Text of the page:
Alan Chapell, president of consumer privacy law firm Chapell & Associates, says the rise of ad blockers has created a tug-of-war between publishers and ad blocking product developers, with users in the middle. "There's confusion around who owns the user," he says.

And this is the crux of the problem. No-one "owns" the user, other than the user themselves. Any thinking on those lines underlines where the problem is. We're people to be interacted with and engaged with, not items to be bought and sold.

Once consumers decide to block ads and experience the cleaner Web pages and faster load times that ad blocking delivers as it filters out bandwidth-hungry animations, video and other advertising content, they're less likely to want to give it up.

And this is the crux of improving things. Keep it fast, keep it clean, and keep it beneficial and people won't mind. Stick with the old-fashioned "we must be in the middle of stuff, getting in people's way so that we're seen" and you'll be discarded as a relic of a bygone age. Actively work around whatever people do to prevent you being annoying and you're only more annoying, so you'll lose the very people that you want to profit from. How can any sane businessman believe that is a good plan?

Disclosure: I run a website. In fact, I run several websites. They're run from a VPS (a Virtual Private Server*), not just a cheap $5pcm "shared hosting" account. I don't run ads. I've vowed never to run ads. I want the content to be online, so I'll pay for it. If it becomes really popular and expensive then I'll find non-intrusive ways to raise the money.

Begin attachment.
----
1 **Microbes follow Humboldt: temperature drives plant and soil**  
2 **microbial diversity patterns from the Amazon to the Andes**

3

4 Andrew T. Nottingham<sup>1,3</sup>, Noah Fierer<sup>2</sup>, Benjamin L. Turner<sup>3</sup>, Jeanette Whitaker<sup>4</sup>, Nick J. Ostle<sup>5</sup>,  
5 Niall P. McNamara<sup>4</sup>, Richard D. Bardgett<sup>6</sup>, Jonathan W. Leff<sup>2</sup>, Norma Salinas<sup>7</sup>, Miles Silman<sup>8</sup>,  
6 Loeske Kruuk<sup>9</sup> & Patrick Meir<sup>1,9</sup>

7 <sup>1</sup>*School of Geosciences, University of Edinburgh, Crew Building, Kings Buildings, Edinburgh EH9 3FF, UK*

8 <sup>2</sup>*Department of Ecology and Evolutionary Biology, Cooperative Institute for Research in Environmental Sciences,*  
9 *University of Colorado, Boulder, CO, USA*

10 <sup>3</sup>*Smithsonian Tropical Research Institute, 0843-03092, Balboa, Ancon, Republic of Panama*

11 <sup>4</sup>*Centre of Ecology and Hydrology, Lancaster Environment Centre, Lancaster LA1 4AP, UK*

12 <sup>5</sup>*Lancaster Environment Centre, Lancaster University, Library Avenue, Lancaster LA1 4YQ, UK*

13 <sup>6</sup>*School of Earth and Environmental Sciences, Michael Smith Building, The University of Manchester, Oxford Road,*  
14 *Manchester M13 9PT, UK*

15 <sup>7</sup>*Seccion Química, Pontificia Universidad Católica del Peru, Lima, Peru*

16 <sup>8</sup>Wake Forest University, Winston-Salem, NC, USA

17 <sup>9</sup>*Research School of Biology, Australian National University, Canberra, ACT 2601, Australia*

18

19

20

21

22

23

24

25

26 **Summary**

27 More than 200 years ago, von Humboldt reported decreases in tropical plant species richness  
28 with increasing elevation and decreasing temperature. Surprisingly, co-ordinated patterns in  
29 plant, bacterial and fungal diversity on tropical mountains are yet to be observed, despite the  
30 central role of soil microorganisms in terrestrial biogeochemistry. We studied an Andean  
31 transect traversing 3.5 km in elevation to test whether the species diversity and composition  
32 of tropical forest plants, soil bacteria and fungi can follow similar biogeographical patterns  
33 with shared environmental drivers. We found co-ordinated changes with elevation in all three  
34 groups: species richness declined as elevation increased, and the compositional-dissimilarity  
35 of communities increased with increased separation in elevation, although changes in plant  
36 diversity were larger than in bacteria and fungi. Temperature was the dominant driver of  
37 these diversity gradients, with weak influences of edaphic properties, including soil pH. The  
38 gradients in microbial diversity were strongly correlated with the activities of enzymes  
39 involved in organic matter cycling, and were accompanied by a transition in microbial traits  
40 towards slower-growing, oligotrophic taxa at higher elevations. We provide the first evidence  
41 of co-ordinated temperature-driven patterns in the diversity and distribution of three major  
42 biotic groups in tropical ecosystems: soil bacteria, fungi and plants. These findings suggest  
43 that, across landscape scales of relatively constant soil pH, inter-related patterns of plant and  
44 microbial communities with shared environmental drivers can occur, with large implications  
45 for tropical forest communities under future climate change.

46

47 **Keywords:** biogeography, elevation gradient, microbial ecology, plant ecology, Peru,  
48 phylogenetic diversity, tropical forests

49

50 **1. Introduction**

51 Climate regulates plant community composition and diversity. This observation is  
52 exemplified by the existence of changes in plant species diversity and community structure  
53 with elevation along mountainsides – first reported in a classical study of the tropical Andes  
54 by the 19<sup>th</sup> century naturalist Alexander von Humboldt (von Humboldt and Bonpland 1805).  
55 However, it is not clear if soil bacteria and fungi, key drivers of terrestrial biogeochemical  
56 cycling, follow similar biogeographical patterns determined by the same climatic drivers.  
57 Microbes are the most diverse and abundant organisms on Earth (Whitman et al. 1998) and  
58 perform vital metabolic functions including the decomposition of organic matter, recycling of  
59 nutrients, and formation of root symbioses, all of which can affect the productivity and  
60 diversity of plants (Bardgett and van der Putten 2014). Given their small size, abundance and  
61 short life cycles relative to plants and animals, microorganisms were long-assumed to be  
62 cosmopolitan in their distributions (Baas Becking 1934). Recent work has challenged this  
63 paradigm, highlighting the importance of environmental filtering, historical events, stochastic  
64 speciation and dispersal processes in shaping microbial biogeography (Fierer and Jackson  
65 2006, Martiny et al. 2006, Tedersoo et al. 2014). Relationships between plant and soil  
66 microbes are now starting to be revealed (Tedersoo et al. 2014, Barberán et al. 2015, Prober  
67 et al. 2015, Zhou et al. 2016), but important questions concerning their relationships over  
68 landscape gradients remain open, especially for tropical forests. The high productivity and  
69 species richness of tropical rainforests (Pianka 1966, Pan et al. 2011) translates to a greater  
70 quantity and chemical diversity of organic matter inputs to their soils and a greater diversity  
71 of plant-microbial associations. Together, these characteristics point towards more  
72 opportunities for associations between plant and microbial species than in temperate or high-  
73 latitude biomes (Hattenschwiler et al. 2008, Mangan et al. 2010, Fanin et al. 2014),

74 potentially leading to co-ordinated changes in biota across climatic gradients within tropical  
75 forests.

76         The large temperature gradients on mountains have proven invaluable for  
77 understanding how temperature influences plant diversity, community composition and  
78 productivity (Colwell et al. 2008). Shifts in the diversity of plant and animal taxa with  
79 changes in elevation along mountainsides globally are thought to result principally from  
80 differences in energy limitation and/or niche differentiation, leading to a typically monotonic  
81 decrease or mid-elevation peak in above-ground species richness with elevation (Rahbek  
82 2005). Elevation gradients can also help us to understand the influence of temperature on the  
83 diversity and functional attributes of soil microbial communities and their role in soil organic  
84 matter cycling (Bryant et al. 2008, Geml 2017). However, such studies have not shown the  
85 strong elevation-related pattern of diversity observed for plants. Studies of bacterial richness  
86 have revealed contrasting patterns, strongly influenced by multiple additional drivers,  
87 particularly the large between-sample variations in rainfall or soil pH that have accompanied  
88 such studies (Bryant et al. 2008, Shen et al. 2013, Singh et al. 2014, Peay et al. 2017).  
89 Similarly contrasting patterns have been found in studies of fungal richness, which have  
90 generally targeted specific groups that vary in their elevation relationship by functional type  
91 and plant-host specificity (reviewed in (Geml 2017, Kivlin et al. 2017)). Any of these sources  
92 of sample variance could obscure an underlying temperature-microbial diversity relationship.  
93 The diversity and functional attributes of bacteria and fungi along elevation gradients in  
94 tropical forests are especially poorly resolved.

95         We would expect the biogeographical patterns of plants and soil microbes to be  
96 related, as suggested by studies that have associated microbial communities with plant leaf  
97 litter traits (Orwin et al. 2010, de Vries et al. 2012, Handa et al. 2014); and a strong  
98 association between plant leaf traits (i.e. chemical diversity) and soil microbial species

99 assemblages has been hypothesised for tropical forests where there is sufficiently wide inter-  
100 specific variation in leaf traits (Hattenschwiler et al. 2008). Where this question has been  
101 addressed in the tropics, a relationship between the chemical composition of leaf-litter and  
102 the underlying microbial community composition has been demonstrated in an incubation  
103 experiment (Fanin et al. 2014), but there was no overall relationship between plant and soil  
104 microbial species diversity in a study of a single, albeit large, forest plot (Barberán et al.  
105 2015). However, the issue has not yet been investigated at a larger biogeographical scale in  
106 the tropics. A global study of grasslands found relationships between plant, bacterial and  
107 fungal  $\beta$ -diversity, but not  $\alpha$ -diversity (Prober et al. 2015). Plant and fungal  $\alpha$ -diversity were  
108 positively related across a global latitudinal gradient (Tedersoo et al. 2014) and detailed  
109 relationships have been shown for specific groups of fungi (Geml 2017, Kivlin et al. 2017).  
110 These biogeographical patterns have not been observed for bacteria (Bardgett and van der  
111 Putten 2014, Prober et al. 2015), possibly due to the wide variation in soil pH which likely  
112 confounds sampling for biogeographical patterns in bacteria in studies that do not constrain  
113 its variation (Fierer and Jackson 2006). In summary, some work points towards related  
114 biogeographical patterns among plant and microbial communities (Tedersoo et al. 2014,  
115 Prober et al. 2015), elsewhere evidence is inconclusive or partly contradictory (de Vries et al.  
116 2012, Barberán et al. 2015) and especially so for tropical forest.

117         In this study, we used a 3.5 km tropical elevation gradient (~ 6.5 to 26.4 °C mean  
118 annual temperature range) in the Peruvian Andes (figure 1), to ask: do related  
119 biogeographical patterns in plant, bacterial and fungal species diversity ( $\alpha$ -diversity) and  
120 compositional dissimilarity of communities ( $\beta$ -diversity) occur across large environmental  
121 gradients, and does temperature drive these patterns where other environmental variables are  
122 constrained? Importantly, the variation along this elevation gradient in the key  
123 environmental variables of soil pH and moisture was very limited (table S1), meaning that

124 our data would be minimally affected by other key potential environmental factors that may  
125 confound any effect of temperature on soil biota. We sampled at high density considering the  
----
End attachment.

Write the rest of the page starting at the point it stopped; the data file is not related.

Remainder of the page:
Disclosure 2: I do have two affiliate links I use on my site, which are only ever used in context**. I also have Amazon links that have never earnt me a penny - probably because I didn't push them too hard and they're on rarely visited pages of my site. I'm happy with the idea of affiliate links and other ways of "monetizing" websites, as long as they don't bias the content.

* renting an entire physical server in a rack, only it is virtual rather than physical

** One for my web host, which is used when I mention our host, and one for a wargaming store that offers great discounts, which is mentioned in an article on getting great deals on Games Workshop models.